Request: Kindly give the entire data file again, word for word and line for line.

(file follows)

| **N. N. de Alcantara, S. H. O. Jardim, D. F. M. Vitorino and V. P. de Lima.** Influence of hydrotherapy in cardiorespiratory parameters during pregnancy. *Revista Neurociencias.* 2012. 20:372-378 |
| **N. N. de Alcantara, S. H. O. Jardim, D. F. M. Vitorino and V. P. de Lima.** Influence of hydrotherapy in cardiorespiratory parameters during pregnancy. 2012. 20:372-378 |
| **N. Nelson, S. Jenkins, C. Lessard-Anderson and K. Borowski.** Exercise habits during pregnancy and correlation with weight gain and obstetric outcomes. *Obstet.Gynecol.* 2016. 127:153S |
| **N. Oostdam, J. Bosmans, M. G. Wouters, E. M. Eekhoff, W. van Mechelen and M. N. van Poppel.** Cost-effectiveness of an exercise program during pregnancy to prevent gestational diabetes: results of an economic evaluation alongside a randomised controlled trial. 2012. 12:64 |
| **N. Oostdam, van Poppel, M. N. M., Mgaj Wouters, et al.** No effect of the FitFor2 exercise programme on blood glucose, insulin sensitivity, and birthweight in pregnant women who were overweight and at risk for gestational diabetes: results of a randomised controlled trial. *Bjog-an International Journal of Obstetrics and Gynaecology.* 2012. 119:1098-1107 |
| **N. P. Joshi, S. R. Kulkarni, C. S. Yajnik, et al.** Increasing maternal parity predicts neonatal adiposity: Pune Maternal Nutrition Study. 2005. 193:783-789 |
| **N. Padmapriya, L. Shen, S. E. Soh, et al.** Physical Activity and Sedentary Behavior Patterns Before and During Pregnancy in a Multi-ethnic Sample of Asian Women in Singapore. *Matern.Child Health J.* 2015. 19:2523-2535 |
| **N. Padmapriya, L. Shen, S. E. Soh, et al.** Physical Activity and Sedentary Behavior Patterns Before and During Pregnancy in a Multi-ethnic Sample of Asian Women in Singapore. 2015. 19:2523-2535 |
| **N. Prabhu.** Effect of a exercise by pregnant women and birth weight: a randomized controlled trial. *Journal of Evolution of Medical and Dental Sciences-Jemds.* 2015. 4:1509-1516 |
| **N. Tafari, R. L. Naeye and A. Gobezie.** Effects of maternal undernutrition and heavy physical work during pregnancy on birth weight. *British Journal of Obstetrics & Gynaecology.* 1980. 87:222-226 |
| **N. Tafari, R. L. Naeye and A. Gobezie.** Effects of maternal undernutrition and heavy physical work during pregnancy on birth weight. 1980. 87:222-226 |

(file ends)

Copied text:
| **N. N. de Alcantara, S. H. O. Jardim, D. F. M. Vitorino and V. P. de Lima.** Influence of hydrotherapy in cardiorespiratory parameters during pregnancy. *Revista Neurociencias.* 2012. 20:372-378 |
| **N. N. de Alcantara, S. H. O. Jardim, D. F. M. Vitorino and V. P. de Lima.** Influence of hydrotherapy in cardiorespiratory parameters during pregnancy. 2012. 20:372-378 |
| **N. Nelson, S. Jenkins, C. Lessard-Anderson and K. Borowski.** Exercise habits during pregnancy and correlation with weight gain and obstetric outcomes. *Obstet.Gynecol.* 2016. 127:153S |
| **N. Oostdam, J. Bosmans, M. G. Wouters, E. M. Eekhoff, W. van Mechelen and M. N. van Poppel.** Cost-effectiveness of an exercise program during pregnancy to prevent gestational diabetes: results of an economic evaluation alongside a randomised controlled trial. 2012. 12:64 |
| **N. Oostdam, van Poppel, M. N. M., Mgaj Wouters, et al.** No effect of the FitFor2 exercise programme on blood glucose, insulin sensitivity, and birthweight in pregnant women who were overweight and at risk for gestational diabetes: results of a randomised controlled trial. *Bjog-an International Journal of Obstetrics and Gynaecology.* 2012. 119:1098-1107 |
| **N. P. Joshi, S. R. Kulkarni, C. S. Yajnik, et al.** Increasing maternal parity predicts neonatal adiposity: Pune Maternal Nutrition Study. 2005. 193:783-789 |
| **N. Padmapriya, L. Shen, S. E. Soh, et al.** Physical Activity and Sedentary Behavior Patterns Before and During Pregnancy in a Multi-ethnic Sample of Asian Women in Singapore. *Matern.Child Health J.* 2015. 19:2523-2535 |
| **N. Padmapriya, L. Shen, S. E. Soh, et al.** Physical Activity and Sedentary Behavior Patterns Before and During Pregnancy in a Multi-ethnic Sample of Asian Women in Singapore. 2015. 19:2523-2535 |
| **N. Prabhu.** Effect of a exercise by pregnant women and birth weight: a randomized controlled trial. *Journal of Evolution of Medical and Dental Sciences-Jemds.* 2015. 4:1509-1516 |
| **N. Tafari, R. L. Naeye and A. Gobezie.** Effects of maternal undernutrition and heavy physical work during pregnancy on birth weight. *British Journal of Obstetrics & Gynaecology.* 1980. 87:222-226 |
| **N. Tafari, R. L. Naeye and A. Gobezie.** Effects of maternal undernutrition and heavy physical work during pregnancy on birth weight. 1980. 87:222-226 |